The Chauvin leaks: Judge Schiltz’s order

Star Tribune reporter Rochelle Olson covered Minnesota District Court Judge Patrick Schiltz’s show-cause order triggered by apparent leaks of grand jury information to the New York Times and the Star Tribune in this May 21 story. The show-cause order implicates Star Tribune reporter Andy Mannix’s April 29 story reporting that federal civil rights indictments were forthcoming against Derek Chauvin et al. The indictment against Chauvin and his former colleagues was unsealed on May 7.

Insofar as Mannix’s story reported the then forthcoming federal indictment, it was based on a single unidentified source whose affiliation Mannix did not even hint at. Mannix, moreover, gave readers no idea why his source’s identity could not be disclosed. I noted at the time that the professional misconduct involving the leak conflicted with the excited tone of Mannix’s story.

Judge Schiltz’s May 5 order was not linked in Olson’s story. I tracked down Judge Schiltz’s order via the PACER filing system used by the federal courts and have embedded it below via Scribd. I urge all interested readers to check it out themselves.

In his order Judge Schiltz reveals that he has been supervising the Blue Grand Jury since it was impaneled in June 2019. The Blue Grand Jury must have handed up the federal indictment of Chauvin et al. The order provides this background (footnotes to the cited articles omitted):

On February 23, 2021, the New York Times published an article headlined “With New Grand Jury, Justice Department Revives Investigation Into Death of George Floyd.” On April 29, 2021, the (Minneapolis) Star Tribune published an article headlined “Feds plan to indict Chauvin, other three ex‐officers on civil rights charges.” Both articles provide reason to believe that “matter[s] occurring before the grand jury” were disclosed to reporters in violation of Fed. R. Crim. P. 6(e).

This is the heart of the order:

“A knowing violation of Rule 6, or of any guidelines jointly issued by the Attorney General and the Director of National Intelligence under Rule 6, may be punished as a contempt of court.” Fed. R. Crim. P. 6(e)(7). Courts are authorized to initiate criminal contempt proceedings and, if necessary to the interests of justice, to appoint a private attorney to act as a special prosecutor in those contempt proceedings. Fed. R. Crim. P. 42(a)(2); Young v. U.S. ex rel. Vuitton et Fils S.A., 481 U.S. 787, 793 (1987).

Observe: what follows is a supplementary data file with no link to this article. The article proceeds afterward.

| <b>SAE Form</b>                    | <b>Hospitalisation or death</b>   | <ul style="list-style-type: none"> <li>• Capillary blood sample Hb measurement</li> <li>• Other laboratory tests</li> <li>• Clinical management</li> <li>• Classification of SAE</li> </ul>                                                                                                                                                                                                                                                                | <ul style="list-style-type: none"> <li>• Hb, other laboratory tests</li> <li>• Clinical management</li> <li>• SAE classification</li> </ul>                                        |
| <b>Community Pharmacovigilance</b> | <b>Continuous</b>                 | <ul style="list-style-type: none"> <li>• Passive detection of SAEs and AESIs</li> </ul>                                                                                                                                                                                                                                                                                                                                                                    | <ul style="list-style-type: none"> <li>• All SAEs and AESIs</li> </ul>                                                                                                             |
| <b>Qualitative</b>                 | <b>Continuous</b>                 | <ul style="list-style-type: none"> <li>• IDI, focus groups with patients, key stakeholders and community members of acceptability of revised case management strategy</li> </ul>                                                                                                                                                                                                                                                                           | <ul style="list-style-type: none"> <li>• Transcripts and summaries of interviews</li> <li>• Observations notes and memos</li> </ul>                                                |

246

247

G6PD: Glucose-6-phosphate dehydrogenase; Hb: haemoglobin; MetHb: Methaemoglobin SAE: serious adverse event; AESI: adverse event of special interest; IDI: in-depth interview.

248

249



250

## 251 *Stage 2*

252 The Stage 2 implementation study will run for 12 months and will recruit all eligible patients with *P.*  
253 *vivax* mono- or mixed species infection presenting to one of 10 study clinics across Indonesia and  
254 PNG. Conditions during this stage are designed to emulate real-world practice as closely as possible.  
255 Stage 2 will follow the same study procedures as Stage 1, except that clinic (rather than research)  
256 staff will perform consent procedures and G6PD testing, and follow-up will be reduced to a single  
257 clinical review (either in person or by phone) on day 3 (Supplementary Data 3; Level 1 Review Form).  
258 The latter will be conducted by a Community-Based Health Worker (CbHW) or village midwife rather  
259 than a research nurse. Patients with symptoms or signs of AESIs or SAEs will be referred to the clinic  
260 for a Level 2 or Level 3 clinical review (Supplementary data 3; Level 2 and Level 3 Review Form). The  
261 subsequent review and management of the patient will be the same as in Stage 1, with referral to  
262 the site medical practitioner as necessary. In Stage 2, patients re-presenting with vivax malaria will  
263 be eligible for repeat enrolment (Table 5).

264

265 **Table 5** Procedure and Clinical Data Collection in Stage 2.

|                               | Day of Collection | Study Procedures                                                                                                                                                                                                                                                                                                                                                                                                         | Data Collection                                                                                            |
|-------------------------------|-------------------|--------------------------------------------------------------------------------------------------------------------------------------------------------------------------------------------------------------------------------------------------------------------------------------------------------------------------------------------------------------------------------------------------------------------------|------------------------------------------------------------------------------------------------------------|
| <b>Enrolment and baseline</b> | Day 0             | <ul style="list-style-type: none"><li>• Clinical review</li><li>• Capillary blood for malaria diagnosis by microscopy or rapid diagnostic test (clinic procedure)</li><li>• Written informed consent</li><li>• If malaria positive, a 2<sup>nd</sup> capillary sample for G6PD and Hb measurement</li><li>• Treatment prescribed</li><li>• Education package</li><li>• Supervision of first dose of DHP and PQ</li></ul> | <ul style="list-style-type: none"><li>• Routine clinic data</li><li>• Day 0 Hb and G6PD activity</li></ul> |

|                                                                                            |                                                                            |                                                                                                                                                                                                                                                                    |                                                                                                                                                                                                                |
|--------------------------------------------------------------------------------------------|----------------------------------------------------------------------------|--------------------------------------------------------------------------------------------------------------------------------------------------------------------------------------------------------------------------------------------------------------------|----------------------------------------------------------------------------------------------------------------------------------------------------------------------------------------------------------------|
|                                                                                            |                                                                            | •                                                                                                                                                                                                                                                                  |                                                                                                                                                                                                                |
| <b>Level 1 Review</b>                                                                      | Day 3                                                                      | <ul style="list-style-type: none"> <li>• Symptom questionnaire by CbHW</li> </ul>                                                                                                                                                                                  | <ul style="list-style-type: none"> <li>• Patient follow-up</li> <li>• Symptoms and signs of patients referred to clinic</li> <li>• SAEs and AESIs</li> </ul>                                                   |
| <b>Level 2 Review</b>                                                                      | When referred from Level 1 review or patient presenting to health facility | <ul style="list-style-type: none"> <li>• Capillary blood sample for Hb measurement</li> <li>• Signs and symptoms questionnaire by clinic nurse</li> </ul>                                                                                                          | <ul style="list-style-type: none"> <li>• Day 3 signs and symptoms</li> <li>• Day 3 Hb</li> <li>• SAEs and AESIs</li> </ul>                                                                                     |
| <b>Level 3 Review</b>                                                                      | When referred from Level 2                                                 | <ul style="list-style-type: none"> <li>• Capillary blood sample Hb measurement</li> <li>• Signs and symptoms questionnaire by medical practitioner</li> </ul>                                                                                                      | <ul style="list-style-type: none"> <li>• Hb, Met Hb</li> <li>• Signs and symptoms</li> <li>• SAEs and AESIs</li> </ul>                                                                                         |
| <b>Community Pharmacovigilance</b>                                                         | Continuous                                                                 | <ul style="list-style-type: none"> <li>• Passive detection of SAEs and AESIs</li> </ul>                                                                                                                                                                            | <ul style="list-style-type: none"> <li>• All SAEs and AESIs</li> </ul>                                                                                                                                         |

To assist the Court in determining how to proceed with respect to the apparent violation of Fed. R. Crim. P. 6(e), the Court will order the United States and the State of Minnesota to provide the Court with a list of every person to whom a matter occurring before the Blue Grand Jury was disclosed by an employee or agent of either sovereign. The Court will also order the United States to show cause why it is not in the interest of justice for this Court to appoint independent counsel to investigate and possibly prosecute criminal contempt charges relating to the apparent disclosures of matters occurring before the Blue Grand Jury.

This is serious business. One might think that it calls for some explanation on the part of the Star Tribune. Olson herself offered this, which was tweeted out by Mannix himself:

Star Tribune Managing Editor Suki Dardarian said, “I have no comment on the court’s actions, but I will say that the Star Tribune stands resolutely behind its pledge not to reveal the identities of anonymous sources.”

Dardarian’s statement suggests that, if called as a witness in the investigation, Mannix won’t be talking. The law affords Mannix no immunity from compulsory process. If Mannix were called as a witness and refused to testify, he is the one who would be subject to serving time for contempt of court, not Dardarian. Ask my friend Judy Miller, or read her memoir The Story.

I wrote tawdry Suki yesterday afternoon:

Dear Ms. Dardarian: I write for the site Power Line and have been covering the Chauvin prosecution and related cases. I have written a lot about the fair trial issues. I was struck by the jaunty tone of Andy Mannix’s April 29 story that is part of the investigation undertaken by Judge Schiltz.

News of the planned indictment reported in Mannix’s story relied on one unnamed source (“a source said”) with no affiliation even hinted. No reason for protecting the source’s anonymity was given in the story. Judge Schiltz’s show-cause order asserts that Mannix’s story provides reason to believe that “matter[s] occurring before the grand jury” were disclosed in violation of Fed. R. Crim. P. 6(e). But for Judge Schiltz’s show-cause order, your readers would have no idea of the professional misconduct and possible contempt of court underlying the leak.

Your quoted statement in Rochelle Olson’s story relates solely to the Star Tribune’s commitment to protect its sources. The interests protected by grand jury secrecy bear in part on the rights of third parties that Mannix’s Star Tribune story arguably compromised. The federal civil rights indictment was bound to become public in short order in any event. I wonder what public purpose the story served and how your editorial policies take them into account.

I intend to write about this tomorrow. I would appreciate any comment you may have for public consumption.

Thank you for your courtesies.

I don’t anticipate hearing back from Dardarian. If I do, I will post her response in full.

Blue Grandjury by Scott Johnson on Scribd

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